Social isolation is a major contributing factor in farm stress and poor mental health among farmers. Farm workers are perceived as ‘gruff and tough’, able to work without rest or complaint all year round – but this is a harmful stereotype that can prevent struggling farmers from reaching out for help. While the physical work of farming means you might not see your farming buddies very often, technology means it’s easier than ever to check in. Talking about the challenges you’re facing doesn’t just lighten the load for you – it encourages others to voice their concerns and stresses too. So drop the tough guy act and send a message, pick up the phone – or better still, grab a beer and a chance to talk as often as you can.

2. Prioritise downtime

When it comes to hard work, farmers have nothing to learn. Working from sun up to sun down in all weathers, and turning your hand to any task just comes with the territory. But one thing farmers are terrible at is taking time off – and yet this is crucial for mental wellbeing.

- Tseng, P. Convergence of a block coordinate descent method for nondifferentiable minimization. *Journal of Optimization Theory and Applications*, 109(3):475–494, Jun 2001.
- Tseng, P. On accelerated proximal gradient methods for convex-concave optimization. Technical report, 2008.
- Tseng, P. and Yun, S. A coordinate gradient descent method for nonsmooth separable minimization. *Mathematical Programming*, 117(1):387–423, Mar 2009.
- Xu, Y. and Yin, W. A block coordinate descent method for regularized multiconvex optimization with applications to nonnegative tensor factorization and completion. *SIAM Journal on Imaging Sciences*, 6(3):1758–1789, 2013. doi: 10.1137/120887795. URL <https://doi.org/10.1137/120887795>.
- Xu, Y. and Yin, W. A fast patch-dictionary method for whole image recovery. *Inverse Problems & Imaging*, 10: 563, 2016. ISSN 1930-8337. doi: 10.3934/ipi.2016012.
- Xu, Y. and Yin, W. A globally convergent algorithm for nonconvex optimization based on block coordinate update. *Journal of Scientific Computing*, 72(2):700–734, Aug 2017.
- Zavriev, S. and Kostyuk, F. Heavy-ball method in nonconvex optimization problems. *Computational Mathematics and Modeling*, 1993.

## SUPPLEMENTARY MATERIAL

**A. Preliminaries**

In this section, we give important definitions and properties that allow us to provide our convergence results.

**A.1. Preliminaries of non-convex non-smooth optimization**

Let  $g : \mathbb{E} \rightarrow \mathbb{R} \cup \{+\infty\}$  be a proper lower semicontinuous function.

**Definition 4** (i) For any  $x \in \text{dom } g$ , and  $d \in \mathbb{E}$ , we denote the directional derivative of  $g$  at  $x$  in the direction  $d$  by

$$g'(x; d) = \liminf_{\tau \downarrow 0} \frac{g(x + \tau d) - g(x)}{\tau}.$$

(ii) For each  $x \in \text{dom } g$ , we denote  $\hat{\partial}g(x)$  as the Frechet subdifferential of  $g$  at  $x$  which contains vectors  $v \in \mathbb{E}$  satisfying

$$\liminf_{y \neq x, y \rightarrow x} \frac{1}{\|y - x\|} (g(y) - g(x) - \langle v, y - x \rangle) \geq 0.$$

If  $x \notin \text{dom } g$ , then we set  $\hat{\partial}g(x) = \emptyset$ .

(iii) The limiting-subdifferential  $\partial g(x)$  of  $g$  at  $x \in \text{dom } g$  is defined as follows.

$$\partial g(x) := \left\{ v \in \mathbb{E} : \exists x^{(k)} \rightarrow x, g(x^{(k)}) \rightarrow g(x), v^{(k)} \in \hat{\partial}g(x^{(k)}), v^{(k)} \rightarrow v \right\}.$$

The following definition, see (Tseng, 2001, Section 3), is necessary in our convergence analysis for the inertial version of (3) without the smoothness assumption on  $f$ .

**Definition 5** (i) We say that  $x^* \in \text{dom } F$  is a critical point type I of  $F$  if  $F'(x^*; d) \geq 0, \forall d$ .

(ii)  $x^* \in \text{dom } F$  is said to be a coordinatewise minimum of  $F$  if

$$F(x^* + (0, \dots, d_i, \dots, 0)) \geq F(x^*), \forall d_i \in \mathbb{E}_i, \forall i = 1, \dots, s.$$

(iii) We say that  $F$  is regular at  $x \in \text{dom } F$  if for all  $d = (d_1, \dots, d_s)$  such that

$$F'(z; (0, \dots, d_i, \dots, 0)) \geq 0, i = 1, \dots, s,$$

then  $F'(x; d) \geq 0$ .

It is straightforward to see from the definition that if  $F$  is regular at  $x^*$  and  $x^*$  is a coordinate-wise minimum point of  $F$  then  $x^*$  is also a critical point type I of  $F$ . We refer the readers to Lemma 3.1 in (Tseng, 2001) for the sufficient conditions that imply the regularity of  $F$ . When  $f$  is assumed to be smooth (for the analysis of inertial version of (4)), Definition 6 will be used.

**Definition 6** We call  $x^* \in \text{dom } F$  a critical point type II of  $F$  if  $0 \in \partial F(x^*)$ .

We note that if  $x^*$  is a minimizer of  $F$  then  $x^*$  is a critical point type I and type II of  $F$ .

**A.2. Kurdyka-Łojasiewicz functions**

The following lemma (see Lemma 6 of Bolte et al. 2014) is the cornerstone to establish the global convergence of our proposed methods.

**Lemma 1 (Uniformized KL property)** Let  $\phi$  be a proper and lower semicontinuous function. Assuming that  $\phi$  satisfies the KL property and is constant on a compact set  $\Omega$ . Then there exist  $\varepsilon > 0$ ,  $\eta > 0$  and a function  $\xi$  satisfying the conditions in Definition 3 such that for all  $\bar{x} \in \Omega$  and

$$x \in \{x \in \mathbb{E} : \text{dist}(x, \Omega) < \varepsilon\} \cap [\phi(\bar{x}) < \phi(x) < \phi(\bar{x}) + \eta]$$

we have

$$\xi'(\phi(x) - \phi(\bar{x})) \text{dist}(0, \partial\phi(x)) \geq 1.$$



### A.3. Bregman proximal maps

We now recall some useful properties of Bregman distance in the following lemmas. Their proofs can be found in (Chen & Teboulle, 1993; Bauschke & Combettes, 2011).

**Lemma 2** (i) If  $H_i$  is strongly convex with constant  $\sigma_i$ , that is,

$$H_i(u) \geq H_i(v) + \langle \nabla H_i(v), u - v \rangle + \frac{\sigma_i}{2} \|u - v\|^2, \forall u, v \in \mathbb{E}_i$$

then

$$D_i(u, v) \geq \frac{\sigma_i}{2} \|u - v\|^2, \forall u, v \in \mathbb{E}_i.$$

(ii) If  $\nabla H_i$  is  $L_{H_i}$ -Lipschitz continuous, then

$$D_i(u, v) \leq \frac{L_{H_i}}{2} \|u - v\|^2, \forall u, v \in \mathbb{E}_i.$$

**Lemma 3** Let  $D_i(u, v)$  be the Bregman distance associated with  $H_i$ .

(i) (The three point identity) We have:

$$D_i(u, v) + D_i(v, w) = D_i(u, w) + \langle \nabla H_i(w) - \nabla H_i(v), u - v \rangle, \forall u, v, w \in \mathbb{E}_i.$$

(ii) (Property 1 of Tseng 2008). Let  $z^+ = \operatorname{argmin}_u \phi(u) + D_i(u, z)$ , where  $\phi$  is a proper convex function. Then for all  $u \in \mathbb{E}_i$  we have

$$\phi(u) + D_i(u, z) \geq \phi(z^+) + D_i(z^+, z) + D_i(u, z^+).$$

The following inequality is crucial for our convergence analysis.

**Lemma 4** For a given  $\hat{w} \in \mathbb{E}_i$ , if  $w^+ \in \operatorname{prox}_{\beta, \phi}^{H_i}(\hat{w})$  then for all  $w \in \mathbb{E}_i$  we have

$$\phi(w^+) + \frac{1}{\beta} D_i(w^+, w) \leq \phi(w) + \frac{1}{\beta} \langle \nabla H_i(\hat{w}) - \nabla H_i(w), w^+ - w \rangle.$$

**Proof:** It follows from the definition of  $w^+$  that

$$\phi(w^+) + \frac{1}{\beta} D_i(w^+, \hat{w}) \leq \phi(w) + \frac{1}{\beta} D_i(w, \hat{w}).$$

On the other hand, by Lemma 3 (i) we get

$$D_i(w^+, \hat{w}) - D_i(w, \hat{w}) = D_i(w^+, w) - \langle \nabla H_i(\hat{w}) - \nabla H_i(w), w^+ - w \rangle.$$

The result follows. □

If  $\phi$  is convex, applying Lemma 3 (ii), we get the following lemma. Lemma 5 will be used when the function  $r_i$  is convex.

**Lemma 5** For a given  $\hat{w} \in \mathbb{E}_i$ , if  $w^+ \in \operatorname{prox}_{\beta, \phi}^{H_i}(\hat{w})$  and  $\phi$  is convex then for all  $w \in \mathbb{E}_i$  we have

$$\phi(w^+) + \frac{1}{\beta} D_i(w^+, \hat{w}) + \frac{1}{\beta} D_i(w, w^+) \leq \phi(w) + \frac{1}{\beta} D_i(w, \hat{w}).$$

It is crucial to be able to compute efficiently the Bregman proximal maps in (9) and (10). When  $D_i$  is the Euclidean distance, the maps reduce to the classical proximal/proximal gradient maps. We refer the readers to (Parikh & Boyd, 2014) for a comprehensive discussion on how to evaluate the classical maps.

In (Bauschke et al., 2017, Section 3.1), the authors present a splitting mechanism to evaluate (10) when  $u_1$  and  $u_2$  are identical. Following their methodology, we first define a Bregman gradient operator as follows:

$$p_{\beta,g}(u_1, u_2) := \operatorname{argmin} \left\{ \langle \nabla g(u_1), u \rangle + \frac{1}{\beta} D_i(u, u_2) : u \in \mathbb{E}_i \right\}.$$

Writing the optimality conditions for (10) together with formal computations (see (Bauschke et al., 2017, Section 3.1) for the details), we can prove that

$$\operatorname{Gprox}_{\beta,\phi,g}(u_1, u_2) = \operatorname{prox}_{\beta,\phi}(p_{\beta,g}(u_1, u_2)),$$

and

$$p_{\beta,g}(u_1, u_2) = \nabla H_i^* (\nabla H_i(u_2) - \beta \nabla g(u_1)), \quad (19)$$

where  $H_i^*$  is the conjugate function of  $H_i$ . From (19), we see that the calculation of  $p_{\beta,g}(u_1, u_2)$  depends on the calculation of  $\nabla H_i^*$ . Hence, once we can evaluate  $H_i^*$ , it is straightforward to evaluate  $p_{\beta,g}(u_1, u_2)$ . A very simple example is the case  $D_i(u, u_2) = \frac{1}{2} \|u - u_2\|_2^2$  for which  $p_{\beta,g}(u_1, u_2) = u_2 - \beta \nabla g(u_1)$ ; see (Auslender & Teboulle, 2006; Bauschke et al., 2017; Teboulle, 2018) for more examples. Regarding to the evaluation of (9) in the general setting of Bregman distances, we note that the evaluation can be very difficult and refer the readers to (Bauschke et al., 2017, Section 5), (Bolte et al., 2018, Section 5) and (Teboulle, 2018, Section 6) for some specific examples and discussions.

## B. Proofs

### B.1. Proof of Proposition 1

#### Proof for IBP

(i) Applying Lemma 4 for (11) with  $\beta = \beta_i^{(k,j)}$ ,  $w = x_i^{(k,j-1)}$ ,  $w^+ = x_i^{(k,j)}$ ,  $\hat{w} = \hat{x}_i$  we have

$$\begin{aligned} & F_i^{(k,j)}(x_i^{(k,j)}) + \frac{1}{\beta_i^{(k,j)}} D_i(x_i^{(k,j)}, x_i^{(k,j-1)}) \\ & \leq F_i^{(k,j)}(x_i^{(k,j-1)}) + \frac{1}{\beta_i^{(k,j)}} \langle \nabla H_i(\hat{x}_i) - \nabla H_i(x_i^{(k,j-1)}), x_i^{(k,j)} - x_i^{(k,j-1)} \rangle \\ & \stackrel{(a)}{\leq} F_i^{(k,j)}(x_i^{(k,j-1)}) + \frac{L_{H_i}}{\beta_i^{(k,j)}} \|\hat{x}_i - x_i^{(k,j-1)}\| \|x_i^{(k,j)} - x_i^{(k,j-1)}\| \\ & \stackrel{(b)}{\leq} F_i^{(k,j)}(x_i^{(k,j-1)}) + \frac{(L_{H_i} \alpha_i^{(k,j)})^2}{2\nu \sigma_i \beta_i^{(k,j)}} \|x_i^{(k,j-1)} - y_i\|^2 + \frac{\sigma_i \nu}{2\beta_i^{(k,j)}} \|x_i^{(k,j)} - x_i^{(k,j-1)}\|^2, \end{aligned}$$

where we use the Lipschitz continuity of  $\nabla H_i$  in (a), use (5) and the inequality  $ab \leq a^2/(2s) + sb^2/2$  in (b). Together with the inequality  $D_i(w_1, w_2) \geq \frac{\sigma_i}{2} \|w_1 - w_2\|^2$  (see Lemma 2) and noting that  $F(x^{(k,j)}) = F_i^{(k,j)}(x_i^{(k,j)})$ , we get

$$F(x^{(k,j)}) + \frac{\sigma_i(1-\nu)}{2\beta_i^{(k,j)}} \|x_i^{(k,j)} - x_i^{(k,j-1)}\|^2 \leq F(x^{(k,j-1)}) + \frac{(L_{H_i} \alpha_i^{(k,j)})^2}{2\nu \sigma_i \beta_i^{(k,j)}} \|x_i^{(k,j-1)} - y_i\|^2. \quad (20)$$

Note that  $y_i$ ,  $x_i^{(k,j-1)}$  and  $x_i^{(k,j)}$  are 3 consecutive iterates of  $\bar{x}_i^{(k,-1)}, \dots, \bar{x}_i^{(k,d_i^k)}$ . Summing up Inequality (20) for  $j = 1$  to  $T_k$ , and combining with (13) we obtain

Of course, we’re not suggesting a week in the Florida Keys. Farm work is relentless and hiring help is expensive. But recognizing that downtime is a vital investment in your health, your family and ultimately, the security of your business, is an important first step. Try to ringfence times in the week when you are ‘off’, and don’t tackle jobs during these times unless absolutely necessary. Make time to have dinner with the family. Prepare in advance of the festive season so that work can take a back seat on key dates. And don’t be afraid to ask for help – family and friends will be happy to pitch in if it means getting to spend quality time with you on special family days.

3. Get support with finances

Farmers are some of the best bookkeepers around. You’re undoubtedly accustomed to managing finances, keeping on top of bills and taxes and planning ahead for rainy days. You’re probably also intensely private about your farm finances and reluctant to ask for help if money is becoming a source of stress.